The credit bureaus work with different lenders such as banks since each company pays to report data to them, but all of them purchase data from the other bureaus and use public databases also, Golding said.
"Experian also sells background check services and identity theft service which they monitor daily," he said. "Their databases house all your personal data that's ever been provided, acquired though applications, lenders they work with or credit card companies. They are constantly buying data back and forth."
While not all lenders report to all three bureaus, consumers who applied for a mortgage are likely to have their scores pulled for all of the companies. Consumers who use Credit Karma or Credit Sesame or credit card companies such as Chase or Discover to monitor their credit score will see different scores since some lenders report to one while others report to two or all three.
"Your credit profiles can be different," Golding said. "Lenders aren't required to report data. It's elective and they do it as self-policing their industry."
Since the hackers have copious amounts of personal identifiable information, your identity could likely be compromised, he said.
"This makes it a lot easier for identity theft to occur," but it is unlikely that the hackers gained access to all their encrypted databases to match up all the information such as the driver's license or Social Security number, Golding said.
While Equifax has not revealed the specifics of the hack, either the databases were not encrypted or the "application vulnerability that was exploited provided authorized access to the data in an unencrypted state," said Nathan Wenzler, chief security strategist at AsTech, a San Francisco-based security consulting company.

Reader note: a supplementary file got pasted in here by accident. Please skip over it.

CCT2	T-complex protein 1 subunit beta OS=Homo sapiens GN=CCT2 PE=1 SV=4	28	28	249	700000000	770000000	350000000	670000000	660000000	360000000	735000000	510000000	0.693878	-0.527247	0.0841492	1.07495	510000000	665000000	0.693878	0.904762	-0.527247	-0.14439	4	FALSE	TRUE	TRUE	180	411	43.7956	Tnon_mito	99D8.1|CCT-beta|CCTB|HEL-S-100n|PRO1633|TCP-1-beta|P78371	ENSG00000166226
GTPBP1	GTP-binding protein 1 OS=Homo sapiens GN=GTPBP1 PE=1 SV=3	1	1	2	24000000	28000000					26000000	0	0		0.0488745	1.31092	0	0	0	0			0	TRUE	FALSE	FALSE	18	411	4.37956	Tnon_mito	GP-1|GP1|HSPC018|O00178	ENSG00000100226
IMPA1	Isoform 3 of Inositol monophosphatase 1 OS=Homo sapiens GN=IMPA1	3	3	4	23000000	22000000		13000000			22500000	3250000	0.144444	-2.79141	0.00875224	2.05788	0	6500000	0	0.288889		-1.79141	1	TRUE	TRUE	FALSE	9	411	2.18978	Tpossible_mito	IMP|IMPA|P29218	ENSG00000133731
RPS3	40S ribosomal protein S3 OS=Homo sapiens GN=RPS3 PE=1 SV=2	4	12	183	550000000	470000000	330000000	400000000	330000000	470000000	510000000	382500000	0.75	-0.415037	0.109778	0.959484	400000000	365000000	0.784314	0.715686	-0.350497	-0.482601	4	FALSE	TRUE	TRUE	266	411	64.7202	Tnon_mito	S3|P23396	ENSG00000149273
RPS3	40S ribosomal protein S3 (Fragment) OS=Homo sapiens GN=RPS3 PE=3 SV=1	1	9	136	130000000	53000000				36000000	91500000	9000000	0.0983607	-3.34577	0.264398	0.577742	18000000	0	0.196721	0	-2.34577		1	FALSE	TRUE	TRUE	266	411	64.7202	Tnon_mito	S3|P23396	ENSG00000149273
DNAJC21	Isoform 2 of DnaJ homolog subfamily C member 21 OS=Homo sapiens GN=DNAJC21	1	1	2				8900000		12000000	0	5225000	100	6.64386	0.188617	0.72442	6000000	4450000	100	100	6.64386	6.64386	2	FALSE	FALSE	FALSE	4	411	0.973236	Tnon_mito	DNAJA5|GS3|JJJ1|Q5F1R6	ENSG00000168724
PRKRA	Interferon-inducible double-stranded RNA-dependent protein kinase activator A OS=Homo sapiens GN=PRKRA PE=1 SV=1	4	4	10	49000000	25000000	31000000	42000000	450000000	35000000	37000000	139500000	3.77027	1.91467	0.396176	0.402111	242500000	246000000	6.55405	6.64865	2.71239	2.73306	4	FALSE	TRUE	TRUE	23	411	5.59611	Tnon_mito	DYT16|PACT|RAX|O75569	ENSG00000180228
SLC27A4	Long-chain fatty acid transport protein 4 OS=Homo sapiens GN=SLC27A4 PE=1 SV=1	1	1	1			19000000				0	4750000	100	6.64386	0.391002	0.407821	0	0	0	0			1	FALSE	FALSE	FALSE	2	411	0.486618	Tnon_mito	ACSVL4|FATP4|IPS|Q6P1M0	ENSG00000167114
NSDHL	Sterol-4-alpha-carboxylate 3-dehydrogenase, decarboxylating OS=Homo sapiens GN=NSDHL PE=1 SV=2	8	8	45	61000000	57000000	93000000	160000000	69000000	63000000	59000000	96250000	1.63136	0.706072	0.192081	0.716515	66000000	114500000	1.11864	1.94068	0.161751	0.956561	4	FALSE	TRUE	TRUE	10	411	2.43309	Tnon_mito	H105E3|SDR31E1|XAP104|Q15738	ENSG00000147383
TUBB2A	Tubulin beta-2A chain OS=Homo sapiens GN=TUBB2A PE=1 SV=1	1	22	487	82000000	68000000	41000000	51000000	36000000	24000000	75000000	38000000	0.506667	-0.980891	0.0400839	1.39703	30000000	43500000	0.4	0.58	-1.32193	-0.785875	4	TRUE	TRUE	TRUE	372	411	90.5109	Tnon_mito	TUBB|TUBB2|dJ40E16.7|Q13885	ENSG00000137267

When databases are stolen whole, companies have announced that they don't believe the information can be accessed, but are providing free credit monitoring services just as a precaution.
"For Equifax to come out and state what data was actually lost and to not include any statement like that suggests that the data itself was actually compromised," he said. "Either because it wasn't encrypted at all, or the exploit granted authorized access to decrypt the data and provide it to the attacker as a valid request. I am not sure if we'll ever see that level of detail come from Equifax and their investigation, though, which confirms the specific exploits or how the data was, or was not, encrypted."
About the government and hacking...
How Consumers Can Combat Hacking
Consumers can contact Experian or the other credit bureaus and have a freeze placed on their account which means lenders will not receive a report without the person's authorization. Going forward with this option means that when someone is seeking an auto loan, they must either unfreeze the account beforehand or will face the lack of a report.